Chris Stewart’s latest book, plus re-released classics and a selection of eco-minded narratives
Conservation is on the minds – and pages – of many of this month’s new titles, with two in particular looking closely at mankind’s failed custodianship of the planet. The Reef is Iain McCalman’s excellent biography of the Great Barrier Reef and those responsible for exploring it, as well as letting it decline. A history, celebration and obituary in one.
The animal at the heart of The Hunt For The Golden Mole is a never-actually-seen Somalian marsupial. In reality, Richard Girling’s search for it is an ecological exploration of the discovery of species, the loss of them, the rise of the conservation movement and the depressing forces that check its progress.
Man’s menace also looms over The Galápagos, but Henry Nicholls’ natural history book focuses mainly on the extraordinary species you can see there. Part travel guide, part spotting tool, it’s facty enough for hardcore spotters while still readable enough for any Darwin wannabe.
The natural world is also central to The Fly Trap, whose fly-collecting author Fredrik Sjöberg retreats to Runmarö island, east of Stockholm. From here follows a wryly Scandinavian rumination on nature, collecting, and the journeys of one intrepid entomologist.
Miranda Emmerson has broader horizons. Fragrant Heart sees her and her partner indulge in one last big adventure before settling down, taking a culinary wander through South-East Asia while traversing the trickier map of the heart. With recipes dotted throughout, think of it as Eat, Eat-Some-More, Love.
Staying out East, Granta bring together another pedigree selection of writers for its Japan issue. It’s a balance of big literary hitters – David Mitchell, David Peace – along with exciting home-spun talents. Together, the pieces capture the rituals and tensions of a culture caught between its kimono-clad past, neon resurgence and uncertain future.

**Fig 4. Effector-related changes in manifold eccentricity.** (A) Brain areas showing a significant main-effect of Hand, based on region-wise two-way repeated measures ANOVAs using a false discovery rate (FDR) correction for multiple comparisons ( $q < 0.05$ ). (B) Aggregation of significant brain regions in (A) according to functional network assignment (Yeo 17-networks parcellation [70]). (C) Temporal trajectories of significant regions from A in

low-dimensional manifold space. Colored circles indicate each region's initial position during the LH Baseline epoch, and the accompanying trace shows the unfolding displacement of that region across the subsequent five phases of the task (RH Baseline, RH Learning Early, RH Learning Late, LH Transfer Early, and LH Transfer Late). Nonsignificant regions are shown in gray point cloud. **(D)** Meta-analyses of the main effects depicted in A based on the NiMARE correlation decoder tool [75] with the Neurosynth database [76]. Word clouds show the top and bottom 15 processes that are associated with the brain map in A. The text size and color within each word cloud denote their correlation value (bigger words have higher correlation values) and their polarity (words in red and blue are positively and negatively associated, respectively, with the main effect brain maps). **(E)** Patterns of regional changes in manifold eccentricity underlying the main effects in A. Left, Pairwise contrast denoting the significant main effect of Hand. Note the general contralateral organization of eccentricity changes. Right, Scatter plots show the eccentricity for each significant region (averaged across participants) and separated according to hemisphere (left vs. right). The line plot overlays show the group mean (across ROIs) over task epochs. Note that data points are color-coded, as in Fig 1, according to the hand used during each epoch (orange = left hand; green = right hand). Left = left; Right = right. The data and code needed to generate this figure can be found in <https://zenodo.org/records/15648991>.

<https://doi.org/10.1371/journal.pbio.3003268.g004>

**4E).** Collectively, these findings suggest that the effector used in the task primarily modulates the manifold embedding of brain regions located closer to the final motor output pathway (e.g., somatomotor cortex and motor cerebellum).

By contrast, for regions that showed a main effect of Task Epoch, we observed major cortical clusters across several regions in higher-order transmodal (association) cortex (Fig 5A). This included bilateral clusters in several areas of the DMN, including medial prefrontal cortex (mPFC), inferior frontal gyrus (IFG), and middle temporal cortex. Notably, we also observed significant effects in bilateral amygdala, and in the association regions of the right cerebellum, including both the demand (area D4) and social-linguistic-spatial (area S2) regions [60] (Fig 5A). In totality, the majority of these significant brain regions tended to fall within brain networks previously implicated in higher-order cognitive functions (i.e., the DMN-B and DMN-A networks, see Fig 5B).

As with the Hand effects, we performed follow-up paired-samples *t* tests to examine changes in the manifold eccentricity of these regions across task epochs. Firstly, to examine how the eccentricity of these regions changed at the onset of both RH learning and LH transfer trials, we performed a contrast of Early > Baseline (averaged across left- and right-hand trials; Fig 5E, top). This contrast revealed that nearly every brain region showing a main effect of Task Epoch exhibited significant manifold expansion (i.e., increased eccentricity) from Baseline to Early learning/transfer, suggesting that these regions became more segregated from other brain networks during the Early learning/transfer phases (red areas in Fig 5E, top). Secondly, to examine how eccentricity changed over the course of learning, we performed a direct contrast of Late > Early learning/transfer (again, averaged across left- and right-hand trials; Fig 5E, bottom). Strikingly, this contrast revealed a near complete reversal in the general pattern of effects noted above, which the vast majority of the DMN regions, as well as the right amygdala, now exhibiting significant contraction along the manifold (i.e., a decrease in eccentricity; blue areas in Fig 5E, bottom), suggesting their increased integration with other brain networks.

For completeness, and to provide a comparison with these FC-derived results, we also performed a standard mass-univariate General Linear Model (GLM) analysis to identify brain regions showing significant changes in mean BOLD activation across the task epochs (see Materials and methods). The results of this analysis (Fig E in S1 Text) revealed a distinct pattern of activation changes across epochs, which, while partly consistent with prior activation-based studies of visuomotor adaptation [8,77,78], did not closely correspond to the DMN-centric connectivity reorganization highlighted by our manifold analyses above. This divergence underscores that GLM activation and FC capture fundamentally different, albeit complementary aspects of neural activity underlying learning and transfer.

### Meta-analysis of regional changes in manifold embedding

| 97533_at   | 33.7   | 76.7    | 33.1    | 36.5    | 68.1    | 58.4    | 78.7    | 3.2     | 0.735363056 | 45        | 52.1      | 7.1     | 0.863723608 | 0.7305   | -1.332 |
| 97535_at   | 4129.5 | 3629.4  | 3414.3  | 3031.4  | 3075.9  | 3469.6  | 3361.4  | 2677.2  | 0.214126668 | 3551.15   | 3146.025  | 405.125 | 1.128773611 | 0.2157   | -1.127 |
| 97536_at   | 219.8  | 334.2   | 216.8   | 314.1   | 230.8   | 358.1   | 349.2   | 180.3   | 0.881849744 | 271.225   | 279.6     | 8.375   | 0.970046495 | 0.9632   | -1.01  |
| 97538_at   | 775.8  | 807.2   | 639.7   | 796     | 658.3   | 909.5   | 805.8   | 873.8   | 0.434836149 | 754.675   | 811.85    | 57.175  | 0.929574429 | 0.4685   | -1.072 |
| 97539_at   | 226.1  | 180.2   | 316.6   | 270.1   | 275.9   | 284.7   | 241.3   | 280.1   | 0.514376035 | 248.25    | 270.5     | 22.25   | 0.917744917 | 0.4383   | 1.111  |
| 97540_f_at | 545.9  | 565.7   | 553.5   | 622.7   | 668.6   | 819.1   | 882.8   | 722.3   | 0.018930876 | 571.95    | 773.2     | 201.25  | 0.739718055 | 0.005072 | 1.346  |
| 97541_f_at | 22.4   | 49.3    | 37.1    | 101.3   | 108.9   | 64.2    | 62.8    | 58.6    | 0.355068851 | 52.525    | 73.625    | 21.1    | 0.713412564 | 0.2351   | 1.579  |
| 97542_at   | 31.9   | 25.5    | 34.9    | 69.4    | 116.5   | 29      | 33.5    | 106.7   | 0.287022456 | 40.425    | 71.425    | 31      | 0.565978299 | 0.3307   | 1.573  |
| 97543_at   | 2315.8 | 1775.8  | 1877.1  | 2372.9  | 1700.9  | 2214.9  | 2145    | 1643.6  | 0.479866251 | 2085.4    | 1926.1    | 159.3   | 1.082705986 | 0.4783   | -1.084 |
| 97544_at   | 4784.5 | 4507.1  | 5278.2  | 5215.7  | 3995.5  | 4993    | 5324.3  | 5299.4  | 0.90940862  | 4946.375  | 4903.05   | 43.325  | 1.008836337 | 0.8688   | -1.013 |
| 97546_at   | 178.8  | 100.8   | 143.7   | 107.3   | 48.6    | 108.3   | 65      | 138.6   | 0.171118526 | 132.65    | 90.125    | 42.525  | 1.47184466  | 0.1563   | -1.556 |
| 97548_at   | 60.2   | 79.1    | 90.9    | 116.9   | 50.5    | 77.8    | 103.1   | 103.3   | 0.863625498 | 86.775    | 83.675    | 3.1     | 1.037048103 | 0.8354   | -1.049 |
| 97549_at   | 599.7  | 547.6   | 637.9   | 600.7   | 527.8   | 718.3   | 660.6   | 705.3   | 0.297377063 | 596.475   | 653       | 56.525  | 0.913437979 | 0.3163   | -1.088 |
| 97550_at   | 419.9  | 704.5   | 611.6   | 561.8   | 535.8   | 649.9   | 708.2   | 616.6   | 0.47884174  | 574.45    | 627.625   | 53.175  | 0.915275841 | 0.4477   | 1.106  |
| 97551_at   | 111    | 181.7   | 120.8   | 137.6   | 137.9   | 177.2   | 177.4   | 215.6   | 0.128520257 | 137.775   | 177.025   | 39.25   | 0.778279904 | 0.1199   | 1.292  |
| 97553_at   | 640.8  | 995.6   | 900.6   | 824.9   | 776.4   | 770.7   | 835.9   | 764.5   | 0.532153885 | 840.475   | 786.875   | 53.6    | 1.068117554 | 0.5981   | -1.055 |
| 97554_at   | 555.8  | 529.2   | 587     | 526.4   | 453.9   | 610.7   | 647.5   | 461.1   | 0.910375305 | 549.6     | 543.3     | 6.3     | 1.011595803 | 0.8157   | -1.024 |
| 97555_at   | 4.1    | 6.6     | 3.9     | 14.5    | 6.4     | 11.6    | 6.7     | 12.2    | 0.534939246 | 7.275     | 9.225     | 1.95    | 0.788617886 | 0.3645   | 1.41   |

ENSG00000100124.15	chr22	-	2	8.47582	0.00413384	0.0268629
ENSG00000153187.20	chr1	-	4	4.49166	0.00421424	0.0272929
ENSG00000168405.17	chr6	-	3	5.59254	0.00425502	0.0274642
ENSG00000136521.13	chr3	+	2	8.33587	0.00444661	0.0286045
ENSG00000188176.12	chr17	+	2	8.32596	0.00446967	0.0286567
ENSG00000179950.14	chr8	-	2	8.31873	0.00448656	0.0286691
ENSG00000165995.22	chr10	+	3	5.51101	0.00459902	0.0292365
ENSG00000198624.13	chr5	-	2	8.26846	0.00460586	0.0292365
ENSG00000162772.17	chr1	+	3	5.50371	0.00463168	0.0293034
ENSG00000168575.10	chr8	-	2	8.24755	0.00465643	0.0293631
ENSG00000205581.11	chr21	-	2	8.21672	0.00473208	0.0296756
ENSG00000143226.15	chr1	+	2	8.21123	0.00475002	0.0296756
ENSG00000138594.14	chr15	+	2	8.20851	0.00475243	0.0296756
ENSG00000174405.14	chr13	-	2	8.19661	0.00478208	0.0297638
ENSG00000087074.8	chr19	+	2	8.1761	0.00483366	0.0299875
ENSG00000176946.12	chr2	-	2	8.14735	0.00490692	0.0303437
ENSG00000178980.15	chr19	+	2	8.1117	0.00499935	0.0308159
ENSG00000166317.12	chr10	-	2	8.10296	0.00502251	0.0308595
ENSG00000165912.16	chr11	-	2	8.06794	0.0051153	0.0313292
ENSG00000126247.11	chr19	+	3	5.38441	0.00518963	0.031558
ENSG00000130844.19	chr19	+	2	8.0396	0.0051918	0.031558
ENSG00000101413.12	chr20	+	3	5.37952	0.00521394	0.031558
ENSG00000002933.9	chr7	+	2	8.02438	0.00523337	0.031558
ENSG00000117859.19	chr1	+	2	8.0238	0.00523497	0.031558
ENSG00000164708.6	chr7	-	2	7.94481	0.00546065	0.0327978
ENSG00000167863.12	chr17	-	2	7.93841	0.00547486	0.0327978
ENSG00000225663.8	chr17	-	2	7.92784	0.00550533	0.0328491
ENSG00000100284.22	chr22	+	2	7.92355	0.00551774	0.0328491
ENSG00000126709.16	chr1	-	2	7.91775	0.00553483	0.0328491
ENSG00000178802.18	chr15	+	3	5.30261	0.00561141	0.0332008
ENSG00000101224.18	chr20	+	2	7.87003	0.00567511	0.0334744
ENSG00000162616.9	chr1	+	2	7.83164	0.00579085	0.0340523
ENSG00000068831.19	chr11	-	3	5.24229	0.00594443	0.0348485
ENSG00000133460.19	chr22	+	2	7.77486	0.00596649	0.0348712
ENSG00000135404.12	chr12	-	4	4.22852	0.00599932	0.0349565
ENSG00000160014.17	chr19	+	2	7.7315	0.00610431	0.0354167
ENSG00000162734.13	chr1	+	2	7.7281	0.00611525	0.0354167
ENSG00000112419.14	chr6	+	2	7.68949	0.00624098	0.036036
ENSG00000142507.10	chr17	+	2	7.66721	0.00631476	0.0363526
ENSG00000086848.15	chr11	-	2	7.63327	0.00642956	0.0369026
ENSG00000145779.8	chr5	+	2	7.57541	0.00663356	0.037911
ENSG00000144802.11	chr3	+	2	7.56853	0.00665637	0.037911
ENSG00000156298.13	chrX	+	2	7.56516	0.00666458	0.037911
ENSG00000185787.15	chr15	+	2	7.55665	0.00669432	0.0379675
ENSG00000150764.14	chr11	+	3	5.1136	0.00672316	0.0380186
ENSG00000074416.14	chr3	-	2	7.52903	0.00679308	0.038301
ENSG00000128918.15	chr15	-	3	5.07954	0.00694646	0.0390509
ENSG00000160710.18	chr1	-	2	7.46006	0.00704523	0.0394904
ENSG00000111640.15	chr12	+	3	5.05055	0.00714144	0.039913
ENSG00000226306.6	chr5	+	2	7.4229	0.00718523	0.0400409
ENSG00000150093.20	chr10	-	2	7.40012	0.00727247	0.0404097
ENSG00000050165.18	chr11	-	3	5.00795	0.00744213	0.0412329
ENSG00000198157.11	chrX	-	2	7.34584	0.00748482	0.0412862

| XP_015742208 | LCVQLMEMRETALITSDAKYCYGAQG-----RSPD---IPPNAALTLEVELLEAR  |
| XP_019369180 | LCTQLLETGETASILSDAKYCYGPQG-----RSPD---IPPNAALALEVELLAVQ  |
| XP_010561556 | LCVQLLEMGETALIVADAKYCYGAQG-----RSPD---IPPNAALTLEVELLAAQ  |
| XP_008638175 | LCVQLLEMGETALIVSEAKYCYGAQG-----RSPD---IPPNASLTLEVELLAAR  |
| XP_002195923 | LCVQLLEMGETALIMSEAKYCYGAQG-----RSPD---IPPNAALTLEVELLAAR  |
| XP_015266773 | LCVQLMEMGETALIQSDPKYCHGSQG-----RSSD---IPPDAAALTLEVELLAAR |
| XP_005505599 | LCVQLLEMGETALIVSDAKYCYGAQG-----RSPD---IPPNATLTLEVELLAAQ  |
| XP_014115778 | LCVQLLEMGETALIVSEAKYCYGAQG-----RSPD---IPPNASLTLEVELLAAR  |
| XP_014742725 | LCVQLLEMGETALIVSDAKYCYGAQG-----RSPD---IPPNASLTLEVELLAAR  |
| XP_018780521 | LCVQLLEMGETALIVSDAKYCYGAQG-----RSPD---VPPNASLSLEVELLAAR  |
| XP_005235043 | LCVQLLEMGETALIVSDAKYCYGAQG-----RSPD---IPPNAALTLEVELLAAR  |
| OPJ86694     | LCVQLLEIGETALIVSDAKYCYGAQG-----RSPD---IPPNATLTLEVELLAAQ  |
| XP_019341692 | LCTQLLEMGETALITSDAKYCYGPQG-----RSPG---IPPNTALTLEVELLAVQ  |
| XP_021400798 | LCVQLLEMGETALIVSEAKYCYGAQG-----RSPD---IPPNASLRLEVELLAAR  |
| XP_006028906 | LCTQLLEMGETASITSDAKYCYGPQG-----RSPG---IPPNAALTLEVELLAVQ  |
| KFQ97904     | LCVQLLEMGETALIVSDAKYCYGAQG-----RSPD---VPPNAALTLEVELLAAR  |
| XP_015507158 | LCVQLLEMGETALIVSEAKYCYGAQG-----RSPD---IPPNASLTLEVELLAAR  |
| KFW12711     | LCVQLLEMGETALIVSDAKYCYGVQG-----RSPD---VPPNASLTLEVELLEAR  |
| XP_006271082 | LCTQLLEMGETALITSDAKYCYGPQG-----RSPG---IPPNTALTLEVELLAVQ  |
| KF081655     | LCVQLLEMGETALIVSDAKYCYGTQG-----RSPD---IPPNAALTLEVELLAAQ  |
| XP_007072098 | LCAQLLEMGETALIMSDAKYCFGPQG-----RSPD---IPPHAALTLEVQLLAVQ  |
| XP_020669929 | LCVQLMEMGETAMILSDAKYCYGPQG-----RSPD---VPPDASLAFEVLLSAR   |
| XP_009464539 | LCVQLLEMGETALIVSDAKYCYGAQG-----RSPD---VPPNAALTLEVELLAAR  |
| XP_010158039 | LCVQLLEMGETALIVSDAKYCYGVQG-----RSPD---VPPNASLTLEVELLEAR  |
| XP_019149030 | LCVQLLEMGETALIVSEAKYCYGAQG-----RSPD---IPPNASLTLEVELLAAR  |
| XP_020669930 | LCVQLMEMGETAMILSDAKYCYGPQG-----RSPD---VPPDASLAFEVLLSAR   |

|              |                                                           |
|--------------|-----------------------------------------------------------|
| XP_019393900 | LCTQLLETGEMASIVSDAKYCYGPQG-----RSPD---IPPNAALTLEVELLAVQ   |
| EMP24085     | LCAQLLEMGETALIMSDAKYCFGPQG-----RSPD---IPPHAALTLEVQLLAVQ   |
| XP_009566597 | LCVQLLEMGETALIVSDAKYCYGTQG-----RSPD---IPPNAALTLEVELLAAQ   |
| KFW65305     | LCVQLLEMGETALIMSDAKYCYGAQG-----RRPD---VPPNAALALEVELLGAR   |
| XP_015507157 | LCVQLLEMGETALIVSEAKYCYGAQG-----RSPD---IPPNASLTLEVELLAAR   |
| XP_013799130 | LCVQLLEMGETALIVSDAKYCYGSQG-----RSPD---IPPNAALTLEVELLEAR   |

With 13,466 islands and 240 million people, Indonesia is a pretty bewildering area to wrangle comprehensively into one book, but Elizabeth Pisani does a great job with Indonesia Etc. The former foreign correspondent’s extensive travels through her old patch find her dealing with the more colourful aspects of modern Indonesia and the corruption that blights it.
Legendary writer Norman Lewis was 83 when he made his Indonesian expeditions in 1991. His matter-of-fact prose makes for thoughtful reading in An Empire of the East, the latest of Eland’s re-released travel classics. Also re-issued is Dervla Murphy’s On a Shoestring to Coorg, her traipse around Southern India in 1973 with her then five-year-old daughter.
If India feels too far to armchair-travel, try citrus-soaked Andalucía. The Last Days Of The Bus Club, the fourth part of the ever-enjoyable Driving Over Lemons ‘trilogy’, finds Chris Stewart enjoying his local celebrity in rural Spain. And by enjoy, we mean making a cured pig’s ear out of public speaking and dealing with a disastrous flood.
If a more relaxed pace sounds good, you’ll be glad to hear Bradt has released more of its Slow Travel guides. With a rich level of local detail, these get under the skin of Britain’s most relaxing spots (Norfolk, Yorkshire Dales, Suffolk, North York Moors & Yorkshire Wolds and South Devon & Dartmoor, all £10). If only they came with a free deckchair.